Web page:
Good GCSEs may also help to a certain extent, but not as much as schools make you beleive when you did them.
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    by declining to put my as grades in my statement am i not basically saying that I did really bad and have somehow convinced my teachers to give me decent predicted grades, wouldn't this have a detrimental effect on how seriously they take my application. Do you think I would be better off by being upfront about my grades and explaining that I wasn't working 100% but that I aim to sort this out.
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    You don't generally put your grades in a personal statement anyway, but, it may be good to explain in your statement that you intend to work harder as it would show honesty and character. It would be best to ask a proper advisor as saying you weren't working hard could backfire.
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    "by declining to put my as grades in my statement am i not basically saying that I did really bad and have somehow convinced my teachers to give me decent predicted grades, wouldn't this have a detrimental effect on how seriously they take my application."

    No.

    Some schools standard practice varies from:

    Putting A2 predicitions down (regardless of how good a students AS grades are)
    Putting AS grades down (see above)
    Deciding case by case.
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    at my school its predicted grades!
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    Your right, declining your AS levels could have a negative outcome.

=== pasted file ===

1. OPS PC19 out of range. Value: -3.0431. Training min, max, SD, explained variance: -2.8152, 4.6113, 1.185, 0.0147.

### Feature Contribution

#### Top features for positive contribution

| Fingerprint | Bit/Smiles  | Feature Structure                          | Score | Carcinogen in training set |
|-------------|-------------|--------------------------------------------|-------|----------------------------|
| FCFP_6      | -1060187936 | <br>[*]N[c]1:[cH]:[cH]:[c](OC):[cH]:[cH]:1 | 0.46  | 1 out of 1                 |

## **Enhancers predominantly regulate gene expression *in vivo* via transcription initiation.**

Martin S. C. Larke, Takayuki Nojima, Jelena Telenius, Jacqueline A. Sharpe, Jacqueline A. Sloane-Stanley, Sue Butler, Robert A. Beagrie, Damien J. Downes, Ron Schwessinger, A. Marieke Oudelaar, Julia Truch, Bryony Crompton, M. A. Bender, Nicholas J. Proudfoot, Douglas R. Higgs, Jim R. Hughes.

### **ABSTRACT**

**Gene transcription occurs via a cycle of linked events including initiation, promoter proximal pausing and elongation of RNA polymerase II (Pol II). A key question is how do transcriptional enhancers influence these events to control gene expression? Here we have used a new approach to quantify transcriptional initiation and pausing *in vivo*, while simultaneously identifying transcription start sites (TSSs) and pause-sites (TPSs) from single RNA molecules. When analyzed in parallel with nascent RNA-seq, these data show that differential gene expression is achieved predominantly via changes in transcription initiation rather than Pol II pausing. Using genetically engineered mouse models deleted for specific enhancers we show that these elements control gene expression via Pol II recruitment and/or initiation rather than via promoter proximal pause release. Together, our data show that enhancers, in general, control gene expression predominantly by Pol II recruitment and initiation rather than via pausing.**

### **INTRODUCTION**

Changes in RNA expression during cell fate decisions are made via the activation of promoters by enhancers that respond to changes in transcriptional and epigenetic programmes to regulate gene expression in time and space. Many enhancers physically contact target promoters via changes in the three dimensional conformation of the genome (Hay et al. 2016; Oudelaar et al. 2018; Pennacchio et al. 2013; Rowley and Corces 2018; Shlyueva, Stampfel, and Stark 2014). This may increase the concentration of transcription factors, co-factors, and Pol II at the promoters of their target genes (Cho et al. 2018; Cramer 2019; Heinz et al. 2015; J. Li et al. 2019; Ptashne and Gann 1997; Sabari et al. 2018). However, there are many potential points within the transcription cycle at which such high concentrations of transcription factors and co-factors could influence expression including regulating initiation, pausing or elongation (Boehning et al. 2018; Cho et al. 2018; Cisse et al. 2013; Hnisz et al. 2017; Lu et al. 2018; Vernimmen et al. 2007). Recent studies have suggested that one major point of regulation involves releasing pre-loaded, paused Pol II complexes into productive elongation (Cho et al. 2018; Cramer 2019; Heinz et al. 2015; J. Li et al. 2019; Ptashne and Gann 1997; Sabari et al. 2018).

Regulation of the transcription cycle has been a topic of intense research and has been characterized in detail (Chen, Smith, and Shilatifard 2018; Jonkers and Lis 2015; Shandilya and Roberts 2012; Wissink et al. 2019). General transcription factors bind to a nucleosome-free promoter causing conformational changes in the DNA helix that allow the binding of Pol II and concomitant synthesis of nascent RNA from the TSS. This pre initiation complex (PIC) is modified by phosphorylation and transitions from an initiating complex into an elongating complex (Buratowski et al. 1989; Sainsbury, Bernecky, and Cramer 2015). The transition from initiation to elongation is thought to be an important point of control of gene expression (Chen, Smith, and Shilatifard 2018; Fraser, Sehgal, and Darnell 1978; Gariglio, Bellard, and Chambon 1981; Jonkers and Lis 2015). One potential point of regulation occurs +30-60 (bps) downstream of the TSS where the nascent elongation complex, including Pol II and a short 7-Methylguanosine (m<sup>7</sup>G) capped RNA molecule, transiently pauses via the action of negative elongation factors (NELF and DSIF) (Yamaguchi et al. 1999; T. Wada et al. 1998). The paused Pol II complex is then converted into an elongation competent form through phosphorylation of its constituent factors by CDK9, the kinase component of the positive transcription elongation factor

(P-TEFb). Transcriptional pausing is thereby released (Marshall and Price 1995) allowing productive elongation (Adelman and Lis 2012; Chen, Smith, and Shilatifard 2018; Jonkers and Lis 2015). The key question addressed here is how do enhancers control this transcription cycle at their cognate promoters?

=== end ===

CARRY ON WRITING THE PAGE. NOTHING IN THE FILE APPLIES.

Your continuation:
If you are able to convince your teachers to give you good predicted grades, and you be honest about your AS performance on your PS, some universities may have doubts about whether you will be able to achive them.

    Some schools (include mine) do not "cash-in" AS results, so officially, they are still pending, so they cant penalise you if you dont put them on the form.

    How you go about it really depends on what course, and what sort of university you want to appy to.
    If you want to apply for something like Law at top university, which is always immensly competative its better to remove any doubt that you will miss the grades and not put them on the form.
    But if you apply for a less competative subject, the admissions tutors will probably be more accepting.
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    "at my school its predicted grades!"

    Same with mine, from if you got AAAA or UUUU - they don't declare them.
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    (Original post by Jenna_04)
    "by declining to put my as grades in my statement am i not basically saying that I did really bad and have somehow convinced my teachers to give me decent predicted grades, wouldn't this have a detrimental effect on how seriously they take my application."

    No.

    Some schools standard practice varies from:

    Putting A2 predicitions down (regardless of how good a students AS grades are)
    Putting AS grades down (see above)
    Deciding case by case.
    That makes me feel a lot better, im definitely going to tell my tutor not to put my grades down and im going to work a lot harder from now on. I did think about law but now I've realised that it's not for me, now im thinking about economics or psychology, kingston only wants 240 points economics but i sort of want to move away.
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    you can do november retakes in some subjects which means that you can have the new grades on your application